Genre: Strategy Developer: Sprytes Publisher: Electronic Arts Players: 1 Released: 1993
Before he soiled his reputation by promising the moon and failing to deliver, Peter Molyneux was praised for letting mortals play god. He put his development house, Bullfrog Productions, on the map in ’89 with Populous, the game which invented the “god game” genre; and Molyneux continued to explore the concept with a parade of computer game hits. Power Monger, Bullfrog’s third game – wedged in between Populous and its sequel – is generally put in that company, yet it’s not really much of a god game. Instead, Power Monger is a loose playing military combat game in which you’re given an army and told to conquer the world, and with no divine hand in play, conquest means expanding your army and killing all those who would oppose you.
The world is divided into 195 rectangles across a map, and we begin Power Monger by seeking to dominate the top-left corner. It’s occupied by just two towns whose citizens are pledged to the leaders of the CPU armies you’ll be contesting later, but for now, Jayne III and Jos XVIII have neglected to leave any armies behind to defend their land. We choose not to slaughter the townspeople, adopting a passive posture when we march in and capture their land, food, and weaponry. If Power Monger were a modern game like, say, Fable, then surely the game would place a greater emphasis on being a “good” captain or a “bad” captain, but Power Monger does not. You won’t grow a goatee and sharper eyebrows by killing everything in sight, but it will make it tougher on you down the road when you wish you could recruit those freshly slain corpses you left behind in that last village.
The game’s use of posture make Power Monger a bit of an odd duck as it influences pretty much every action at your disposal. For instance, if you want to recruit men from a town to pad your troop’s numbers, you can take 25% of them by issuing the command with a passive posture, which gains you a few followers and leaves the town in good standing. A neutral posture secures 50% of the available citizens to add to your brigade, while the aggressive posture will take every last drop from the town and leave it barren. Your army’s current and future needs will dictate how to proceed, as pillaging a town too much limits its ability to replenish its supplies and population. Likewise, you’d want to make sure you can feed any recruits you take on as no one will fight for you on an empty stomach. It’s not a terribly complicated balancing act, but some light inventory management is required to keep your Power Monger train rolling.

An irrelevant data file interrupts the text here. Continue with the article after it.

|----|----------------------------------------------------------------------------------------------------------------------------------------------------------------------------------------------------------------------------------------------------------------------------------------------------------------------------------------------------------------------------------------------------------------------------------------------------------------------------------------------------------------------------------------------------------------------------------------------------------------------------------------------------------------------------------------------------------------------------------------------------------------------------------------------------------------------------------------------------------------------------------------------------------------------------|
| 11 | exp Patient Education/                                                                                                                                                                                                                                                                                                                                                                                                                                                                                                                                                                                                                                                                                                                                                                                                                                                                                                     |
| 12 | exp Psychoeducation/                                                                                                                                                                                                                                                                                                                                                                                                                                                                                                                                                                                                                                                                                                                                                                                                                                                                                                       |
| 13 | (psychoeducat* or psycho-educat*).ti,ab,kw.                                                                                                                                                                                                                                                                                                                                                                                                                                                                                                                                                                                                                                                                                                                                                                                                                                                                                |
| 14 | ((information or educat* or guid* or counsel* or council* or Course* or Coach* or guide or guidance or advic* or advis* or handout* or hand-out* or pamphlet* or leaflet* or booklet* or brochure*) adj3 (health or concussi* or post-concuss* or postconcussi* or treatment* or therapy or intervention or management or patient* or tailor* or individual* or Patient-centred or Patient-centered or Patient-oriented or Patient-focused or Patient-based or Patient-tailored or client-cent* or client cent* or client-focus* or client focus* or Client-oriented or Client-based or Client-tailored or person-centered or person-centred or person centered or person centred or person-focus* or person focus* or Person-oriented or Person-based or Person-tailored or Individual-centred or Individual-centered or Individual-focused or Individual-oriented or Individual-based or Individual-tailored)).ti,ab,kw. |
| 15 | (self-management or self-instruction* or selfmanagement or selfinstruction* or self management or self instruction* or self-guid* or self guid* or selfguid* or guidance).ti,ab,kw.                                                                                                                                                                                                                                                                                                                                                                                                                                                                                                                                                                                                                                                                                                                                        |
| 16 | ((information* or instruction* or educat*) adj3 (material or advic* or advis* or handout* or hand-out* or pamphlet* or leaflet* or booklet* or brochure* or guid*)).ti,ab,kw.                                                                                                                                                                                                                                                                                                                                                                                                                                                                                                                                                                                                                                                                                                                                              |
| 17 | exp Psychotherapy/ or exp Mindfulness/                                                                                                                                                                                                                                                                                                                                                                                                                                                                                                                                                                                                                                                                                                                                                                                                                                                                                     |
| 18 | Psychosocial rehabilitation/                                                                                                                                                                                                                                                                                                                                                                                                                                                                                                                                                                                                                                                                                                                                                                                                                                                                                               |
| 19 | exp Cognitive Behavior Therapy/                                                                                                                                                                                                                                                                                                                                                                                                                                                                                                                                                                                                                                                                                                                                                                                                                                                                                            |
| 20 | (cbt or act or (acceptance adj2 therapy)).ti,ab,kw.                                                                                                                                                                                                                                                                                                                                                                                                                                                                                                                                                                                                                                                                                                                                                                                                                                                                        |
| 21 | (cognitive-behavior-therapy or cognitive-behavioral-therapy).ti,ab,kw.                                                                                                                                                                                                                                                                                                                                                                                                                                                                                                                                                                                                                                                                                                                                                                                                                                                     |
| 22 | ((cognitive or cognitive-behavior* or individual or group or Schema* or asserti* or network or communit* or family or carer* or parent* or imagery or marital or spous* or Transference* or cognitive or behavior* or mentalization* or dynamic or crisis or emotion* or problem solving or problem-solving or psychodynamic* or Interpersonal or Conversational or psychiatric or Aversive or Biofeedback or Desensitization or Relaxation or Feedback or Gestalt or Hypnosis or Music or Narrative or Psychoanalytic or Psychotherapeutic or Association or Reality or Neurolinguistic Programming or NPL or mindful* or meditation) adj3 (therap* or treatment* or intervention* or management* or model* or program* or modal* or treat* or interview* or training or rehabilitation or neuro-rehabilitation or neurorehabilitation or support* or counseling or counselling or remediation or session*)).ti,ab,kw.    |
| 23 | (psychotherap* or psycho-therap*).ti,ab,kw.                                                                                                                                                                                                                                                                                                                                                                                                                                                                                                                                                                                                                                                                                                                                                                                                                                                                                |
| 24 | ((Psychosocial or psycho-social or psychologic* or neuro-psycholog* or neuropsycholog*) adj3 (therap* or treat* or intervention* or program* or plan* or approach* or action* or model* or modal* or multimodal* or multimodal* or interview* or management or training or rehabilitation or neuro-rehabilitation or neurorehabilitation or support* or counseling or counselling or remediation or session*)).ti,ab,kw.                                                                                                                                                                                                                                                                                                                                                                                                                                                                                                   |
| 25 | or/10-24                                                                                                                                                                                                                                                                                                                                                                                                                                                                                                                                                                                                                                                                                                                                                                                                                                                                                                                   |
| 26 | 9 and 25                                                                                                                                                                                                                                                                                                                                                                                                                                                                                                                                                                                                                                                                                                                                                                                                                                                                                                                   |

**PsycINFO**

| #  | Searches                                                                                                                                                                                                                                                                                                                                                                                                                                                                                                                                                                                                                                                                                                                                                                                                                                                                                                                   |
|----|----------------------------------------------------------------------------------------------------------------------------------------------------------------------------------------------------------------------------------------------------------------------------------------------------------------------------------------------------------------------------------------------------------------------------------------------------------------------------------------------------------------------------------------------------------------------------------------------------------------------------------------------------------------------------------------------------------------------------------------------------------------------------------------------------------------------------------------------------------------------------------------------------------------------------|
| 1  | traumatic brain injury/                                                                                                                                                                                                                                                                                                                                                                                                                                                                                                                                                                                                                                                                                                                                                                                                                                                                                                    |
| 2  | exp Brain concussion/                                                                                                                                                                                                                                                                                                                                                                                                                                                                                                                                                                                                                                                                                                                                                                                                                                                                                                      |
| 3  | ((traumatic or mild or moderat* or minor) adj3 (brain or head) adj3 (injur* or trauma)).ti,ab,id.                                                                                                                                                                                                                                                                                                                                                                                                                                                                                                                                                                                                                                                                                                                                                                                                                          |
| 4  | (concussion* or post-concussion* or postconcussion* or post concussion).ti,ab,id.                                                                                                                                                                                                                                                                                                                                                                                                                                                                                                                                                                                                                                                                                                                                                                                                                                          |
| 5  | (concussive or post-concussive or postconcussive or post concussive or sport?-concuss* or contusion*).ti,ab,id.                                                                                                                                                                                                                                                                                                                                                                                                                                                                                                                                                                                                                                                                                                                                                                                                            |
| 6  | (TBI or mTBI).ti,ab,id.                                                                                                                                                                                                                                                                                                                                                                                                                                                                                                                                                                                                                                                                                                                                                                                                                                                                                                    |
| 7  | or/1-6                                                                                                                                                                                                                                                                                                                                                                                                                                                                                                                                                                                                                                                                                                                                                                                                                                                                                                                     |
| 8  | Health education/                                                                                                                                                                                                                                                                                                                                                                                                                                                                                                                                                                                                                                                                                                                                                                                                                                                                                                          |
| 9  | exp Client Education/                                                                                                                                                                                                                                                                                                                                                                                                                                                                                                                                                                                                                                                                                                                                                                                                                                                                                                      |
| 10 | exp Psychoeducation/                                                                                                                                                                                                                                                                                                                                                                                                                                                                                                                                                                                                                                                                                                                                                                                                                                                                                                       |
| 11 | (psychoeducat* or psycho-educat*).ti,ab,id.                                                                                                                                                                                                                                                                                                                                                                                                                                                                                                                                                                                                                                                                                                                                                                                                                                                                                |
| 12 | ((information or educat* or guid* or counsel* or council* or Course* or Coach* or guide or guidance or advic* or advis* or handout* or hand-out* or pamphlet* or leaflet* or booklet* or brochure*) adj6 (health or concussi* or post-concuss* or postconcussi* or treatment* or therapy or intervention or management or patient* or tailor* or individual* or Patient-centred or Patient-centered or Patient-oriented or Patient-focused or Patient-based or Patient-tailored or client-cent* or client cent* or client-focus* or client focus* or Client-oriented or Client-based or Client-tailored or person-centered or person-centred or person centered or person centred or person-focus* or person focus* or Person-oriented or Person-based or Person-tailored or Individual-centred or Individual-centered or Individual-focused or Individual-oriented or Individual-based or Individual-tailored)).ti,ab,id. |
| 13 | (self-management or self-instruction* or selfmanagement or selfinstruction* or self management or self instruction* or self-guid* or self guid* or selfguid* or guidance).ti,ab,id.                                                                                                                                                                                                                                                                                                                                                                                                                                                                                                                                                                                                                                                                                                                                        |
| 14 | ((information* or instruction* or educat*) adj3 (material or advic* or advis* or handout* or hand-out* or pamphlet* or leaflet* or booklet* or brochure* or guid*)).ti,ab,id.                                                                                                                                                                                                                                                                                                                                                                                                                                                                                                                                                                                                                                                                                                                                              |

Unfortunately, Power Monger makes for a somewhat unsatisfying ride. The bulk of the game focuses on either attacking towns and armies, inventing tools and weapons, and acquiring food and items from the towns you capture. Want to win a battle? Just make sure you have more guys than the opposing army when you initiate conflict. Want to enhance your army with weapons? Simply look for a town under your rule with a workshop and click a button to choose to invent random items which will hopefully be useful in accomplishing your goals. While the game may be appreciated for its time saving features such as automatically dispensing weapons among your troops, the level to which Power Monger is streamlined can make the game feel quite shallow. No matter the path you cut through the land, you can’t escape the cycle of 1) bolstering troops by conquering smaller nearby towns, 2) defeating a larger army, and 3) repeating until you win. That’s not just a flippant summary, either, as there’s surprisingly little strategy and interaction involved in playing the game. I feel more like a spectator giving suggestions to my captain as he marches his way across the land. The game is just not hands-on enough for my taste to feel like I’m truly an army captain or a god.
Of course, gameplay wasn’t the main selling point when Power Monger launched. Molyneux invites you into his digital world, a magical place which exists with or without you. So detailed is Power Monger that each little citizen has his or her own name, history, routine, and whatnot. People age, bear children, and die. Everyone and everything has a unique identity. The scope of such a game was pretty stunning at the time, but in practice, you find it’s all just window dressing. It’s even worse on the Genesis, as the lack of a mouse makes clicking on the little guys zipping around the map as infuriating as it is pointless. Making matters worse is the huge text window gobbling up the bottom third of the screen, wasting valuable screen real estate as it is devoted to these largely needless bits of backstory.